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"Grounded pilots criticize FAA response"

Saturday, September 22, 2001

Grounded pilots criticize FAA response
Emergency rules restricting flights of small planes have allowed
terrorists to win, some say 
The Las Vegas (NV) Review-Journal

The winds are calm and the skies are clear, but the Cessnas and Pipers
are on the ground at Las Vegas' once-bustling small airports. 

In her office facing the runway at the North Las Vegas Airport, Lori
Cook is watching business wither on the vine. 

"We haven't turned a propeller since last Tuesday," the First Flight
Aviation school manager said with a grimace, referring to Sept. 11.
"Losses are huge right now." 

Emergency rules set in the wake of last week's terrorist attacks are
keeping all but a handful of small aircraft from the skies around Las
Vegas and other cities with major airports and military facilities. 

Private pilots complain that their sightseeing trips and family visits
have been grounded by excessive federal restrictions. 

Television news operations have been wondering how to cope with rules
that keep them from broadcasting breaking news from helicopters. 

And, from flight schools to hot air balloon companies, smaller aviation
businesses say they are weeks away from bankruptcy. 

Federal Aviation Administration officials said late Friday that they had
received notice that more flights were being allowed around Las Vegas,
although details remained murky. 

Area business owners said they might not be able to spring back, even as
flight restrictions ease and the local economy recovers. 

"Another week of this and I'm really going to have to make some hard
decisions," said Chuck Herrmann, who said he is mulling the closure of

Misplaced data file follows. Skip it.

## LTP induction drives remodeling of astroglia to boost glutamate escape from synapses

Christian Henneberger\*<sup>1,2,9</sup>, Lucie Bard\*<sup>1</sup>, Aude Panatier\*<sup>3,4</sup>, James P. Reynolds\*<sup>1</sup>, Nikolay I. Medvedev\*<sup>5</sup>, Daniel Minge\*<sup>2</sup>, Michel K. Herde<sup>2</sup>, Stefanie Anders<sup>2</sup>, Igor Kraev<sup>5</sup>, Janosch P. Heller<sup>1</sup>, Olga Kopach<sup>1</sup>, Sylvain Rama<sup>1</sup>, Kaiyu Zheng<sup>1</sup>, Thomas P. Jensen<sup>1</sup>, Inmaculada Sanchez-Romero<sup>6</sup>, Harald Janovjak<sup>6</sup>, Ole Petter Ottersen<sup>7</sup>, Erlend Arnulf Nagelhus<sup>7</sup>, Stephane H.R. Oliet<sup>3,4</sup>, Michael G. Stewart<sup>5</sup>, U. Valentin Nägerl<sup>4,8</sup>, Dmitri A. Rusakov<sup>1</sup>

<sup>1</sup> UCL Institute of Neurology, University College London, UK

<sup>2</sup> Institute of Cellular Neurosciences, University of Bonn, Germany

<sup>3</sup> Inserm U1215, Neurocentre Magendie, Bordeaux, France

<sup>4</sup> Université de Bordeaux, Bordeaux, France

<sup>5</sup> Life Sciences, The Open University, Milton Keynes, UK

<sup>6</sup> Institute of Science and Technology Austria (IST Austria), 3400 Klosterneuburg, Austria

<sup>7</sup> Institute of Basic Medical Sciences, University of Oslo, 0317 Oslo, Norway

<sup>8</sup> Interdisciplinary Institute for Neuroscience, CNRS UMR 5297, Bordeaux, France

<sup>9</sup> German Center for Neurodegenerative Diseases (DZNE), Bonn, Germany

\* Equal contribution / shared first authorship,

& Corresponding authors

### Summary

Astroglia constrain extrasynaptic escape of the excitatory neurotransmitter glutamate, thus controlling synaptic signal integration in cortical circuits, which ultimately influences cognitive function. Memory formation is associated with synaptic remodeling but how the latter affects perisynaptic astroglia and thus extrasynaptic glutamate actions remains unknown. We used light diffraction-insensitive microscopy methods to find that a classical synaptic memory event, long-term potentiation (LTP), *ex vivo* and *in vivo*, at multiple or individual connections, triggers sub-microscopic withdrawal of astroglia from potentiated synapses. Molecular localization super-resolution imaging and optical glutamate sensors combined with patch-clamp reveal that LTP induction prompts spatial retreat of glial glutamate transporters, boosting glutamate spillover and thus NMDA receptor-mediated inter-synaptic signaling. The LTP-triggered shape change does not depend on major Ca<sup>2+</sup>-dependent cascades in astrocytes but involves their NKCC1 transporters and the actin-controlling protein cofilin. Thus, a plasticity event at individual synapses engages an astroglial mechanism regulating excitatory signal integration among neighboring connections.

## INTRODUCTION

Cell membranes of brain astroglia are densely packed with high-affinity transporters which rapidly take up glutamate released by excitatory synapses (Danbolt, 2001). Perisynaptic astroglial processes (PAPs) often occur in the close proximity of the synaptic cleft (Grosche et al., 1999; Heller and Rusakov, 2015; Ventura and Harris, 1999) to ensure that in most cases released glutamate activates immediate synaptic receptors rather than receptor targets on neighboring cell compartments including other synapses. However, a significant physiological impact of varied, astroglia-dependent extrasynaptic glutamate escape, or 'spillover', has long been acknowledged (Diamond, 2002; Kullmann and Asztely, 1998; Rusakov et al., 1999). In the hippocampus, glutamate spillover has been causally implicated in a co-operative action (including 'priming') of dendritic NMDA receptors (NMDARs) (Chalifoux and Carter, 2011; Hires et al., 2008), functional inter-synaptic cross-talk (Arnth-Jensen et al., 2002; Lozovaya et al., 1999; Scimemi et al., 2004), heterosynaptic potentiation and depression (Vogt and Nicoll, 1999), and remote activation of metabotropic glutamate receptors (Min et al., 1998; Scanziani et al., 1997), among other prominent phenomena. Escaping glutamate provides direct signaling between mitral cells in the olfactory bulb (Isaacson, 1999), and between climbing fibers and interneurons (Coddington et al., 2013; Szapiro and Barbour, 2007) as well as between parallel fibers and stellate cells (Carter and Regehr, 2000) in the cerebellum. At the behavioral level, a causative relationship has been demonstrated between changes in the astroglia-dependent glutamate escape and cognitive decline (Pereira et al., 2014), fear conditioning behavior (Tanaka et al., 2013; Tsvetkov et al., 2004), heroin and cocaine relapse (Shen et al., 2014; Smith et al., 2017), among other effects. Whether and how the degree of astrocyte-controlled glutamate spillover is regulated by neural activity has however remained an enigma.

his Henderson Executive Airport flight school. "We're just sitting here
watching our retirement drift away." 

Before the attacks, private aviation generally had been permitted below
the airspace around McCarran International Airport and Nellis Air Force
Base. This week, restrictions have been slowly easing in the wake of the
complete shutdown of private flights immediately after the World Trade
Center and Pentagon attacks. 

By Friday afternoon, flights below what is known as Class B airspace,
which covers much of Clark County, were being allowed only for pilots
with flight plans approved by the Federal Aviation Administration. But
flight schools remained grounded, and the uncertainty surrounding the
ever-changing federal rules was keeping many pilots away. 

Many said they were unable to fly to small Nevada, California and
Arizona airports that did not have equipment allowing them to meet the
FAA's requirement that only flights using instruments for navigation, in
addition to pilots' visual measurements, can take off and land. 

FAA officials did not provide details Friday on the reasons for the
general aviation limits or how long they will last. 

Retired Air Force Lt. Col. John Wells of Henderson said he is infuriated
that the rules prevent him from flying his private plane out of Boulder
City's small airport. 

"They're absurd. The terrorists were going after the airliners," he said
Friday. "I not only can't fly my airplane, I can't move it to another

Herrmann echoed the feeling, common among pilots and business owners,
that private aircraft have been unfairly restricted. 

"What our government's doing is allowing the terrorists to succeed in
destroying a lot of businesses," he said. "They wanted to disrupt the
U.S. economy, and they're doing a pretty good job." 

Las Vegas' small but growing hot air balloon tour industry also worries
about the future. 

"I think they're going to make a ruling where you're not going to be
able (to fly balloons) in the valley," said Ron Dupee of Memory Makers,
a local balloon company. "There's a lot of people whose livelihood
depends on ballooning here in the valley." 

Before the attacks, KLAS-TV, Channel 8 put a helicopter into the skies
above Las Vegas during the station's 4 p.m., 5 p.m. and 6 p.m.
broadcasts to provide coverage of any breaking news. 

No more. 

"It's not our normal operation," news director Gene Ross said Friday.
"People want to see breaking news, and getting to the scene quickly and
getting those pictures on the air is real important." 

Many aircraft mechanics also foresee bankruptcy. 

Medallion Engines and Aircraft Services owner Karlene Lashua said her
North Las Vegas business probably won't be able to last more than a
month if the limits persist. 

Lashua said, "If people can't fly their airplanes then they can't break
their airplanes, and I can't fix them if they don't break them."


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